Use your noggin, now: Will government researchers know in advance what might cause financial instability? Will they home in on precisely that? No.

This is government entrée into any financial activities federal bureaucrats suspect might cause instability. It’s carte blanche to examine all financial transactions—including yours. (Confidentiality rules? The better view is that privacy is lost when the government takes data from your control, but we’ll come back to confidentiality.)

The Office of Financial Research is also a sop to industry. Morgan Stanley estimates that it will save the company 20 to 30 percent of its operating costs. The advocates for this bureaucracy want to replace the competitive environment for financial data with a uniform government data platform. Students of technology will instantly recognize what this data monoculture means: If the government’s data and assumptions are bad, everyone’s data and assumptions are bad, and all players in the financial services system fall together. The Office of Financial Research itself poses a threat to financial stability.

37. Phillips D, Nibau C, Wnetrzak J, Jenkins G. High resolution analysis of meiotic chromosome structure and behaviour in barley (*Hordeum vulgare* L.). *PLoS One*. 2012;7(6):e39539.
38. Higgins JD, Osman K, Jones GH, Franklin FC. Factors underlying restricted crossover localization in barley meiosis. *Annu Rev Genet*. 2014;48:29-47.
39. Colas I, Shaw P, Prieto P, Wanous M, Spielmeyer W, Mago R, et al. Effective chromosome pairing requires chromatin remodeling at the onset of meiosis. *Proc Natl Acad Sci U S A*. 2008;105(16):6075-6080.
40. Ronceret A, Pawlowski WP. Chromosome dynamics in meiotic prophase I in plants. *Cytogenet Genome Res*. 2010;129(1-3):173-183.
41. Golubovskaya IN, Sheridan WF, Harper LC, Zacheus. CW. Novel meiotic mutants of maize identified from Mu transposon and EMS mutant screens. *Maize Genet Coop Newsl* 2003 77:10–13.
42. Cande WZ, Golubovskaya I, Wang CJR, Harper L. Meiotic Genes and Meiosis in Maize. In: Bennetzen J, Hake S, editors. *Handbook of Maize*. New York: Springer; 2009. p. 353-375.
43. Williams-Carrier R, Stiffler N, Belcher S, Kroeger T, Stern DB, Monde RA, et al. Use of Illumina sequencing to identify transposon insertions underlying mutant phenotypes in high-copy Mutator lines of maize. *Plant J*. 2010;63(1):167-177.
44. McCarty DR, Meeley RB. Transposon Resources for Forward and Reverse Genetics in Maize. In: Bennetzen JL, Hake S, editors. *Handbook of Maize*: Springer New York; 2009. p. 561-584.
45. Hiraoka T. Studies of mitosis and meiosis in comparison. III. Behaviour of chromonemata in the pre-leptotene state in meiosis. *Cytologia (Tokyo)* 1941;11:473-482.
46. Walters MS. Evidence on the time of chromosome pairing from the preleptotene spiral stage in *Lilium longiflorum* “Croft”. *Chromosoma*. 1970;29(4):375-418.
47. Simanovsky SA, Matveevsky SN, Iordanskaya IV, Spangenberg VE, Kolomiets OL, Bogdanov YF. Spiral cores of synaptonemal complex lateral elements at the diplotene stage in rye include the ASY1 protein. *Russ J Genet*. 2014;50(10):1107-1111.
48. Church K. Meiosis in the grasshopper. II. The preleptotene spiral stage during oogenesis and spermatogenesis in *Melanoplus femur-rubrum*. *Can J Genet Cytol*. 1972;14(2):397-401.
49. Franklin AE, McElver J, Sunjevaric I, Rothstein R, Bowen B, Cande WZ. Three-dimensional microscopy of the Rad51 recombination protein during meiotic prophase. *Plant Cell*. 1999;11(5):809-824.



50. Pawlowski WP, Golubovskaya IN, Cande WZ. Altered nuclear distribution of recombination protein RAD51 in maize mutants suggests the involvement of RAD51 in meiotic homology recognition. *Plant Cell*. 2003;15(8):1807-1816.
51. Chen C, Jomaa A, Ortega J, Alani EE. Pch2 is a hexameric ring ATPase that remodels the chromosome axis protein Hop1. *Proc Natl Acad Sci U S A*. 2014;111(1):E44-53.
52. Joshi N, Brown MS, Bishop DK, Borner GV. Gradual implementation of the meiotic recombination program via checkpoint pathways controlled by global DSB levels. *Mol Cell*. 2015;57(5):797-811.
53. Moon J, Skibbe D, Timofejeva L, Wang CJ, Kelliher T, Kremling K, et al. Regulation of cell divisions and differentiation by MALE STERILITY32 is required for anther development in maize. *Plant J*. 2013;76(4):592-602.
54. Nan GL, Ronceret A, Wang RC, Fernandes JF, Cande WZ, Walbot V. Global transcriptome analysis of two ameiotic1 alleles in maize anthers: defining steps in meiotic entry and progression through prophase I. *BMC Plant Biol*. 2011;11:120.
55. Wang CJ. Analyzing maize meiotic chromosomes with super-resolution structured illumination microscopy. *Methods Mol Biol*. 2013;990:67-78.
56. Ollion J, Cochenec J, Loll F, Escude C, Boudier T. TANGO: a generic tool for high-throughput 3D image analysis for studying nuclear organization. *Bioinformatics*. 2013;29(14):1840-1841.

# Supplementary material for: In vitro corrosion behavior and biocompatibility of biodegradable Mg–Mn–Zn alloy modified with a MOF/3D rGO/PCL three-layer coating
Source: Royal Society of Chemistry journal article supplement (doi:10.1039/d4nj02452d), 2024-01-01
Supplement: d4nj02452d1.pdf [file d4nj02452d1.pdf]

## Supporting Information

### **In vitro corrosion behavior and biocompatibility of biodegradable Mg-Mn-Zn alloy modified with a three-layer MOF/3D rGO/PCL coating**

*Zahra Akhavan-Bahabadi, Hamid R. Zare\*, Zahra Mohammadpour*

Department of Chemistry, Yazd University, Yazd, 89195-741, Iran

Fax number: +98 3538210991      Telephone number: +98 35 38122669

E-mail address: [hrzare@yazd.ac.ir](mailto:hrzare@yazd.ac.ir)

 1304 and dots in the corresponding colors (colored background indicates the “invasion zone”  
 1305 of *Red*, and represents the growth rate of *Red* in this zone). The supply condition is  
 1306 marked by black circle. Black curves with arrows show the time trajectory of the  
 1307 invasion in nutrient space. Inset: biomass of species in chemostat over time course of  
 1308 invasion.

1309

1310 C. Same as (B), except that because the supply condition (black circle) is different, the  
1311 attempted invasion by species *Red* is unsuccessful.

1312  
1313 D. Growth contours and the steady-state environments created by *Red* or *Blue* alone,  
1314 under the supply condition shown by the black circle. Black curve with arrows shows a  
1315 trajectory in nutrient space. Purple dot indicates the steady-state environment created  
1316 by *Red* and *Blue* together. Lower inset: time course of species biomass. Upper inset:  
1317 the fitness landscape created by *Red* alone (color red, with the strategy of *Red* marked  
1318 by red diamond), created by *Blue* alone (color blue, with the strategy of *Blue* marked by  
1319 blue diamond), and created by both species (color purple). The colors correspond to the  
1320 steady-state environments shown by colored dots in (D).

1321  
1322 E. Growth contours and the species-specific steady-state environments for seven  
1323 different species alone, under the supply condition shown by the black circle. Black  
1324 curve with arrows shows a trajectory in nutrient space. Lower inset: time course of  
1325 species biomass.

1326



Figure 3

But all that’s about money. On with privacy…

The “Bureau of Consumer Financial Protection” (sec. 1011) in the bill is another beetle boring into your personal financial life. Among its mandates is to “gather information … regarding the organization, business conduct, markets, and activities of persons operating in consumer financial services markets” (sec. 1022(c)(4)).

In case you’re wondering, the definition of “person” includes “an individual” (sec. 1002(17)). The Bureau of Consumer Financial Protection can investigate your business conduct and activities.

Come now. All this private data gathering can’t possibly be what they mean to do, can it?